GEH, DTE extend cooperation on ESBWR design

06 October 2015

GE Hitachi Nuclear Energy (GEH) and DTE Energy have announced plans to explore advancing the detailed design of the Economic Simplified Boiling Water Reactor (ESBWR). DTE received a licence earlier this year to build and operate an ESBWR at its Fermi plant, but the utility has yet to decide whether to go ahead with the project.

ESBWR_model_ (GEH)_460
A cutaway of the ESBWR design (Image: GE Hitachi)

On 30 April, the US Nuclear Regulatory Commission (NRC) approved DTE Energy's combined construction and operation licence (COL) for Fermi 3, the first construction licence to be awarded for GE Hitachi's ESBWR reactor design. The licence authorizes DTE Energy to build and operate the unit at a site adjacent to its operating Fermi 2 boiling water reactor in Michigan.

At that time, DTE said it "has not committed to building the new plant, but will keep the option open for long-term planning purposes."

GEH and DTE have now said they will continue to cooperate on the development of the ESBWR design.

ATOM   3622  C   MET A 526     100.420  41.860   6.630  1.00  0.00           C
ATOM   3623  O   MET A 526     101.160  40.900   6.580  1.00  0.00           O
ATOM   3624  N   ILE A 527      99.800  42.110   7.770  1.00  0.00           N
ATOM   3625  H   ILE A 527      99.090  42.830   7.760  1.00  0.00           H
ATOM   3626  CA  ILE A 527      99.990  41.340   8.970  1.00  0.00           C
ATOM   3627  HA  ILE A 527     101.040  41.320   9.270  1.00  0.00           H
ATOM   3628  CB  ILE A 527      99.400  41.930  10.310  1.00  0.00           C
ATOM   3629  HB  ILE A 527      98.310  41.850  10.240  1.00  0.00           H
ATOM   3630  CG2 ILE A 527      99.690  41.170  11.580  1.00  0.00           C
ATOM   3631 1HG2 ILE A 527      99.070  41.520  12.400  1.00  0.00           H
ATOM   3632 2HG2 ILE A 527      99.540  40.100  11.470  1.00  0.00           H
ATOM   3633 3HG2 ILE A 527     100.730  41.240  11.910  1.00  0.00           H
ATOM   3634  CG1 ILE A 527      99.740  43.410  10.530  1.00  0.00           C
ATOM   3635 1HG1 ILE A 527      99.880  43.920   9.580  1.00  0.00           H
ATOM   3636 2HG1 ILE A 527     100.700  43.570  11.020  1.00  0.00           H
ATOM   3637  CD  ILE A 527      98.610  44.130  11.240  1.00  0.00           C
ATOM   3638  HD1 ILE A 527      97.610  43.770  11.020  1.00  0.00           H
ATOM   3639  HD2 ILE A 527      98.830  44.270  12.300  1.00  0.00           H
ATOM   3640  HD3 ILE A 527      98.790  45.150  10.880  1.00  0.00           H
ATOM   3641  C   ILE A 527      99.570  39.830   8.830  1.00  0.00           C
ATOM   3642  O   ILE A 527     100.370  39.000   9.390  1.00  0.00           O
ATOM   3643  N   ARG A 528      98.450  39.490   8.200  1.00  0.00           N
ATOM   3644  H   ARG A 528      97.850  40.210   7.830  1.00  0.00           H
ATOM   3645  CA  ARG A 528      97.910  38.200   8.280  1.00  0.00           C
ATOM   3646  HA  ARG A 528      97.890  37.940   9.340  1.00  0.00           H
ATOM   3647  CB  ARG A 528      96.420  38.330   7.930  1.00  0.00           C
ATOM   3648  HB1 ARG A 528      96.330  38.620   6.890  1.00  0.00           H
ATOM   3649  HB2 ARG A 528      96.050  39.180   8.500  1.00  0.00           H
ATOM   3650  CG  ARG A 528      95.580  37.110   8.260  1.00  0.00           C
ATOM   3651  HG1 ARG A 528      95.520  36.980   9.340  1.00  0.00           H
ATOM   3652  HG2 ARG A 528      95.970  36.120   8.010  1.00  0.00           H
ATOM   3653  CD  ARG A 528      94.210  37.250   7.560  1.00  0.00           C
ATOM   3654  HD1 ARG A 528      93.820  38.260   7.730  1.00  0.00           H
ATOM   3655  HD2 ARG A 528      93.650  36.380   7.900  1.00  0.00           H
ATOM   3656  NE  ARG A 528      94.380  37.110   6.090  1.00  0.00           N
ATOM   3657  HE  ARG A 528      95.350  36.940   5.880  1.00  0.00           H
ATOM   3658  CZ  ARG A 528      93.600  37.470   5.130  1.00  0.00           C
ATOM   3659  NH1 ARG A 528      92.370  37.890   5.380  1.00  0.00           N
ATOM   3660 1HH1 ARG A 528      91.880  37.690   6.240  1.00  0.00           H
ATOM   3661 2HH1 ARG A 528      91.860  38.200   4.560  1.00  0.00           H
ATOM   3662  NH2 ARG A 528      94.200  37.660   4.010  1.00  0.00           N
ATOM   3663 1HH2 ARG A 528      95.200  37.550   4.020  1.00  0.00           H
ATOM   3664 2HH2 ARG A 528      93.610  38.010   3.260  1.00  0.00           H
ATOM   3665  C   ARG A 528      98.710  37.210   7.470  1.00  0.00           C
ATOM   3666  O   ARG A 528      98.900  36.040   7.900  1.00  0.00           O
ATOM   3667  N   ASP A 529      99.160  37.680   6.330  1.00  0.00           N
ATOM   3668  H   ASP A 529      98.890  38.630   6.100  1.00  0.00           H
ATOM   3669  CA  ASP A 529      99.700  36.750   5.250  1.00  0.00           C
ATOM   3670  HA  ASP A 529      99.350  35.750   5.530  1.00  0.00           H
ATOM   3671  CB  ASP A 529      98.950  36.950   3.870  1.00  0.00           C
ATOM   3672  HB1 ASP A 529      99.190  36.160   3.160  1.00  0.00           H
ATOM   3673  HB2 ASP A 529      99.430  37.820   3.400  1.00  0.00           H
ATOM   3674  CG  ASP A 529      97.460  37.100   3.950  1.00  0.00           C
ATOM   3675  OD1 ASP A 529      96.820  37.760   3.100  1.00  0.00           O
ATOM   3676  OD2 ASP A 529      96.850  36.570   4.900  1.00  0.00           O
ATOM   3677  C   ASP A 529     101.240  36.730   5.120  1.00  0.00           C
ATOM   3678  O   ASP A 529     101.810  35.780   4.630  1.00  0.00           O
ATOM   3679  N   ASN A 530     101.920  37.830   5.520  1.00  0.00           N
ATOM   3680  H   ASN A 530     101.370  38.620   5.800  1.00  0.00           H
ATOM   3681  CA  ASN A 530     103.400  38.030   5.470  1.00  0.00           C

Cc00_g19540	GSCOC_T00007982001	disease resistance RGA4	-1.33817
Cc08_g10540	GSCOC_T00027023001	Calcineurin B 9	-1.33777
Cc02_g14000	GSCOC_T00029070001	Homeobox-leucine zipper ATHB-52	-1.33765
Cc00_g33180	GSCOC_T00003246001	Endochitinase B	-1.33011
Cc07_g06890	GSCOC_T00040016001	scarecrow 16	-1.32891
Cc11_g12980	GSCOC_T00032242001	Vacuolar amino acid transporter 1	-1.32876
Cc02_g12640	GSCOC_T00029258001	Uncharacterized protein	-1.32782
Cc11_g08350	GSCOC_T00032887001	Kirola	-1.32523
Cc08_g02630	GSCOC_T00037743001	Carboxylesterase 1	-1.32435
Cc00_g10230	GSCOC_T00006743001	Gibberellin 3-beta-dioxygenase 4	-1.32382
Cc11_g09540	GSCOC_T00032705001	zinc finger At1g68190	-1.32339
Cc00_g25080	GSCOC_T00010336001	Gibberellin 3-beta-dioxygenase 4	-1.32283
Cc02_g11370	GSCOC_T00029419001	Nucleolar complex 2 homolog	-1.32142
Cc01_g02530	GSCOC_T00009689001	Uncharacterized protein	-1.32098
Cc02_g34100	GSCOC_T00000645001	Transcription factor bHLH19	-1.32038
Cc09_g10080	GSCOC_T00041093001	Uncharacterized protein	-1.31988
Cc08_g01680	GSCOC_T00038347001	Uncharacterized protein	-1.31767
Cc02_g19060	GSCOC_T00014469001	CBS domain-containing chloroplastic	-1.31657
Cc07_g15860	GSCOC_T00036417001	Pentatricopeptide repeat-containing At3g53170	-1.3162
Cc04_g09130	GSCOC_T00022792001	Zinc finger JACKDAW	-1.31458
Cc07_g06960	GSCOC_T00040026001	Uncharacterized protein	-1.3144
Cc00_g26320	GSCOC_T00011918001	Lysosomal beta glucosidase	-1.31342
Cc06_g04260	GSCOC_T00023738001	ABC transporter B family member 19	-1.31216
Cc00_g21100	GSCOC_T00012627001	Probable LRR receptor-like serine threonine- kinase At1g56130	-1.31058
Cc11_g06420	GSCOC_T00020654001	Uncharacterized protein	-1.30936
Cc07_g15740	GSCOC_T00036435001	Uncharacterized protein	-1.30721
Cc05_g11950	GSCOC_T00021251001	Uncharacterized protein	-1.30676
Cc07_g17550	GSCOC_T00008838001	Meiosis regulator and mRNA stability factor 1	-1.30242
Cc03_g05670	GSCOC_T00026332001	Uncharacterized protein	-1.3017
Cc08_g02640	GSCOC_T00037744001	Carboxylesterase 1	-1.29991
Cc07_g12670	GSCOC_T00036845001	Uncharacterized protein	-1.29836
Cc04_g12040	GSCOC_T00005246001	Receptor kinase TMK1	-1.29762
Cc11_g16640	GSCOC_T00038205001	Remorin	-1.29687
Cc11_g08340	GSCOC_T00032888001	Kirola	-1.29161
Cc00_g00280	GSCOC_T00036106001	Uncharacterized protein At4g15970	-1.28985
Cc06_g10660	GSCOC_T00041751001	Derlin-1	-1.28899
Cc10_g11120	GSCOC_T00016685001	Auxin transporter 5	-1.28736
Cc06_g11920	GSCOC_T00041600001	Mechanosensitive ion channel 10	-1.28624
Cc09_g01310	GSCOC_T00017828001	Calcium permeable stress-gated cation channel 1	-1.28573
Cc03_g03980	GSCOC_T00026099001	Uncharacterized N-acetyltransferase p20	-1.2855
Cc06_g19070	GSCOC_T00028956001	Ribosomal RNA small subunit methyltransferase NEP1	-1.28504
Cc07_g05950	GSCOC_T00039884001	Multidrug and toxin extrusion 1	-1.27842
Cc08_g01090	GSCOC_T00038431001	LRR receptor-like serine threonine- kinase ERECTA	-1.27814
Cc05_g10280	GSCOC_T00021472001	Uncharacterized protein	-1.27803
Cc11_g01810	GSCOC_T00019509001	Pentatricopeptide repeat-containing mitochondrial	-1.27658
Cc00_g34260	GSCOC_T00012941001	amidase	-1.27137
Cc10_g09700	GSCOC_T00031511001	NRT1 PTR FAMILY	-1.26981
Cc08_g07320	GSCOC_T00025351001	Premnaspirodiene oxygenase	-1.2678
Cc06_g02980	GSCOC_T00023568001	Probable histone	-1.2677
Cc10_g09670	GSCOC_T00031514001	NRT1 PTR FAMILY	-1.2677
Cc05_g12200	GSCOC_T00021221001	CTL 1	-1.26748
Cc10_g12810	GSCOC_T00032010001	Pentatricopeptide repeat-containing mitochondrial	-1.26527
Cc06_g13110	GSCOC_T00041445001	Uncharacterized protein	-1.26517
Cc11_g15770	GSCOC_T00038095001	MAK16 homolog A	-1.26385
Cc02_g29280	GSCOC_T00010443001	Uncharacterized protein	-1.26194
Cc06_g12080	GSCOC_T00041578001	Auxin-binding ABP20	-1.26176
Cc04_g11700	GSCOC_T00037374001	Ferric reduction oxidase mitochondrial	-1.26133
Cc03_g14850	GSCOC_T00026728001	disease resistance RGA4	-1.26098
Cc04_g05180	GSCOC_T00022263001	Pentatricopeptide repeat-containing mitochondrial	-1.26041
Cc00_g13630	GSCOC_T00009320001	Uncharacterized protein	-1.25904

GE Hitachi chief operations officer Jay Wileman said, "DTE and GEH will further expand our cooperation by determining resource requirements and developing plans to advance the ESBWR design, enabling DTE Energy to be in a position to more readily begin work should the utility decide at a later date to add more carbon-free, baseload power to its energy mix."

The ESBWR received design certification from the NRC in September 2014. The 1600 MWe reactor includes passive safety features which would allow it to cool itself without the need for external electricity supplies or human intervention, and also uses fewer pumps and mechanical drives than reactors with so-called active safety systems.

A second ESBWR COL application, for Dominion Virginia Power's North Anna 3, is under consideration by the NRC. According to GEH, that project is expected to receive a licence in 2016.

Applications were also submitted for ESBWRs at Entergy's Grand Gulf and River Bend sites, as well as by Exelon for a new site in Victoria County in Texas, but all of these have been either suspended or withdrawn.

Researched and written
by World Nuclear News